Both the United States and Switzerland are pulling out of the post-2008 global economic slump on the wave of speculative bubbles. But while Washington is stoking its bubble in the hope of achieving faster economic growth, the Swiss are working to prevent their bubble from getting out of hand.
It is by now evident that the economies of rich industrial nations grow in a boom and bust cycle that was previously a prerogative mainly of emerging economies. In the U.S., the bust after the dot-com-driven economic upswing was followed by a boom in housing. When that, too, came a-cropper in 2008—spectacularly so—it was replaced by the easy-money bubble of the past five years, which pushed the prolonged rally in Treasuries into a speculative phase and extended the bubble in oil and other commodities.
The economic consensus continues to allay our fears, claiming that there is no bubble either in U.S. government bonds or in oil prices. Treasuries look good in comparison to European and even Japanese government bonds, and the U.S. is in no danger of defaulting. And oil prices can be expected to stay elevated since we have reached the historic peak of oil production and output will now start to decline steadily.
However, with U.S. inflation averaging above 2% a year, the yield on the 10-year Treasury, averaging 1.75% over the past year, has been negative in real terms. In other words, long bond investors have been paying Uncle Sam for the privilege of lending it money. Meanwhile, the 30-year bond, with its 3% yield, incorporates wholly unrealistic expectations about U.S. public finances over the next three decades. Similarly, hopes that inflation-adjusted oil prices will remain at more than twice their 50-year average are illusory, given new sources of supply and energy-saving technologies.
In fact, assurances that these two bubbles will endure are uncannily reminiscent of the talk of the “new economy” in the 1990s and the belief that “homeowners never default on their mortgages” and that “house prices never go down” in the mid-2000s.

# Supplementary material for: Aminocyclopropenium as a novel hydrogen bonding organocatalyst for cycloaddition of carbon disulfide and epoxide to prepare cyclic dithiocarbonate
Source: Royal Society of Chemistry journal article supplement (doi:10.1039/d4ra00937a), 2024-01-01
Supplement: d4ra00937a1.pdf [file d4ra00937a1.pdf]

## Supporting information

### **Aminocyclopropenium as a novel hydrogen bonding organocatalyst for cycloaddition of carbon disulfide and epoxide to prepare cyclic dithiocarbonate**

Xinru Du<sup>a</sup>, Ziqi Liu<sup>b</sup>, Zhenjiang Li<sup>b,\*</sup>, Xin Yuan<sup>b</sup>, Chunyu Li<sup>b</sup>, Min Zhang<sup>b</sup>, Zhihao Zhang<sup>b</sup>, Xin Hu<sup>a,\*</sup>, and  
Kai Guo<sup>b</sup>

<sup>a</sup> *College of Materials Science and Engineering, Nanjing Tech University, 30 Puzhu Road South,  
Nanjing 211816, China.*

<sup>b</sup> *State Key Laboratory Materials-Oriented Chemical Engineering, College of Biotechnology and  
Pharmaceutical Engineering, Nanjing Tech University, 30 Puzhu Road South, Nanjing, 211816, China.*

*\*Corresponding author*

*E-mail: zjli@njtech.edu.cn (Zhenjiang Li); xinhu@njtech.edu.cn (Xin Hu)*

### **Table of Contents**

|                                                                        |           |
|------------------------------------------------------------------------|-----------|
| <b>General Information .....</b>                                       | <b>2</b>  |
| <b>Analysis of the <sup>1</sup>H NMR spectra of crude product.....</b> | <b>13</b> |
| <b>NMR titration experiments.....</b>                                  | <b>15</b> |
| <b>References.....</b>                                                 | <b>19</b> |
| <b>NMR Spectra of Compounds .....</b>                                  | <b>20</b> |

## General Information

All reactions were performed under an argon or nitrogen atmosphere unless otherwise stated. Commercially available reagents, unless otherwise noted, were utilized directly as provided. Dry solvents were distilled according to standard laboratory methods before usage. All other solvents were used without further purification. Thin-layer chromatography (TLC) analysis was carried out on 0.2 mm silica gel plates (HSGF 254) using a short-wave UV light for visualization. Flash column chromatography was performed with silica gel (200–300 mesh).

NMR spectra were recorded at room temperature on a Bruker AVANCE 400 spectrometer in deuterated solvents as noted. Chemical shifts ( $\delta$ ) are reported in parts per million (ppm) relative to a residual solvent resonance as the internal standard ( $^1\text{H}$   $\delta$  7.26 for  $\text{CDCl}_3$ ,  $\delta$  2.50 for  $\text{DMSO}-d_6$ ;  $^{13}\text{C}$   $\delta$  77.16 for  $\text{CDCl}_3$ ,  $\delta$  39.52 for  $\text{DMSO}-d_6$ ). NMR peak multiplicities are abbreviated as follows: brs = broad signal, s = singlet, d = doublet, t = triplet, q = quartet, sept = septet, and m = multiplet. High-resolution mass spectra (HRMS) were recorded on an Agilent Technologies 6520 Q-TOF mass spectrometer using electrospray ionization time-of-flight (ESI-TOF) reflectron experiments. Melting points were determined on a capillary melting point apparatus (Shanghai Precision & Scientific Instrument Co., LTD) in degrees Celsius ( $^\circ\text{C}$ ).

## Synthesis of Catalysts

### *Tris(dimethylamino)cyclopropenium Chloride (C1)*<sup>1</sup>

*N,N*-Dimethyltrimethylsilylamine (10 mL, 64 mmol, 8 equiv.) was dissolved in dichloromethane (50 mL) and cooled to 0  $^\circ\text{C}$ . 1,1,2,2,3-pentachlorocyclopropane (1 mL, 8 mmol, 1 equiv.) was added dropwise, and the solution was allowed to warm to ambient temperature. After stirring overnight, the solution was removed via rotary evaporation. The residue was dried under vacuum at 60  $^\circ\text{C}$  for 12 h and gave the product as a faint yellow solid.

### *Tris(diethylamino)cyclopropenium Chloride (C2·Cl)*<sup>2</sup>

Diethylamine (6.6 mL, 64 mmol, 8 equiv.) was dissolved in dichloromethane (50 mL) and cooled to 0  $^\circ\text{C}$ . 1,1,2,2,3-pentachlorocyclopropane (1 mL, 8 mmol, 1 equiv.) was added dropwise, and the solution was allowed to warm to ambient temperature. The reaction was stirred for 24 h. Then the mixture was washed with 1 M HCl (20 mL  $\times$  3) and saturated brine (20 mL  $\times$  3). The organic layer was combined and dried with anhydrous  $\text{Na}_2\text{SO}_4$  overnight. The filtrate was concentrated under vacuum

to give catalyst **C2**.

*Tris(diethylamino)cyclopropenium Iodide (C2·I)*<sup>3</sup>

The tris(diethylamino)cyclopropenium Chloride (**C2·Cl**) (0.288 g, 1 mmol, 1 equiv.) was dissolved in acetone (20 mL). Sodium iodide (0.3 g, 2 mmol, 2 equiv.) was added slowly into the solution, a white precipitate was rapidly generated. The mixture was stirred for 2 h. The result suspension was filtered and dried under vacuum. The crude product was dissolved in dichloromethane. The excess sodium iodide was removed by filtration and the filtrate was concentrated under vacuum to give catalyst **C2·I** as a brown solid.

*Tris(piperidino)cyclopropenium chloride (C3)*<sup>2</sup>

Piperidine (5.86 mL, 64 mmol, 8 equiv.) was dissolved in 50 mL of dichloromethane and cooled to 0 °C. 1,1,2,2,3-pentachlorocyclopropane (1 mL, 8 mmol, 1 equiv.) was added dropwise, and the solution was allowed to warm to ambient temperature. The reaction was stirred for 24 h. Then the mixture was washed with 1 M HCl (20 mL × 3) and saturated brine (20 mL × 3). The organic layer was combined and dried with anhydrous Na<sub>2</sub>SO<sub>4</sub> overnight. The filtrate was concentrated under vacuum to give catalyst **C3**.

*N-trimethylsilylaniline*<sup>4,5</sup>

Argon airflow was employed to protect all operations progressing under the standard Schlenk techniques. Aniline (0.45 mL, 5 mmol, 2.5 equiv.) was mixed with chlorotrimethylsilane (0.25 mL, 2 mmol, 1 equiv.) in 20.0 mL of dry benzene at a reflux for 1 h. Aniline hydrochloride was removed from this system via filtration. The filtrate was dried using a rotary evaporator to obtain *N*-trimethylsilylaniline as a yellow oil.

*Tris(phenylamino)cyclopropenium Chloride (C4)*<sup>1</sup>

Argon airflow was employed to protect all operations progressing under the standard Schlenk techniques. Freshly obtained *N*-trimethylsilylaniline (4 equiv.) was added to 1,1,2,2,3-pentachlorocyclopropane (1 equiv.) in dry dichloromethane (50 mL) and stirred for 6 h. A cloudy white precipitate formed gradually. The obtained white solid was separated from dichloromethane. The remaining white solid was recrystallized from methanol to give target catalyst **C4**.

Of course, bubbles could emerge again in the same market after a while—just as they used to do in Hong Kong or South Korea. But it hasn’t worked like that in the U.S. More than a decade after the high-tech bubble burst, the Nasdaq Composite index stands at two-thirds of its 2000 high, while the number of issues traded today is less than half of what it was back then and continues to dwindle.
Similarly, the housing market and the construction industry, despite an uptick in early 2013, remain in the doldrums more than six years since house prices started to decline. Worse, each new bubble appears to produce a weaker recovery, with fewer jobs created, whereas busts have shown an alarming tendency to increase in severity and length.
Speculative bubbles tend to distort the markets, attracting a disproportionate amount of financial resources to selected sectors while starving others. The Federal Reserve and other major central banks have created an unprecedented amount of liquidity—several trillion dollars’ worth since the advent of the global financial crisis in 2008. But only a small portion of the money has gone where it could be used productively, i.e., to make loans to businesses and consumers. The bulk of the newly created liquidity ended up in the U.S. Treasuries and in Switzerland, which has emerged as a safe haven of last resort.
The Swiss have experienced a massive inflow of funds from the crisis-ridden euro-zone, and not only from troubled economies on its periphery, but from stronger ones in the north, as investors fear the collapse of the single currency and financial chaos everywhere in the European Union. Since 2008, the franc has risen by one-third against the euro. And even against the U.S. dollar, which strengthened against the euro as a result of financial turmoil in the eurozone, the franc has moved up substantially over the past five years.
For Switzerland’s exceptionally open economy a strong franc is something of a catastrophe. Exports of goods and services account for almost 55% of the country’s GDP, compared to less than 15% for the U.S. Switzerland’s current account surplus, which measures 11% of GDP, is a key determinant of economic growth. An overvalued franc—and it is overvalued by some 60% according to The Economist’s Big Mac index—threatens to undermine Swiss manufacturing, hitting its exports and hooking consumers on cheap imports.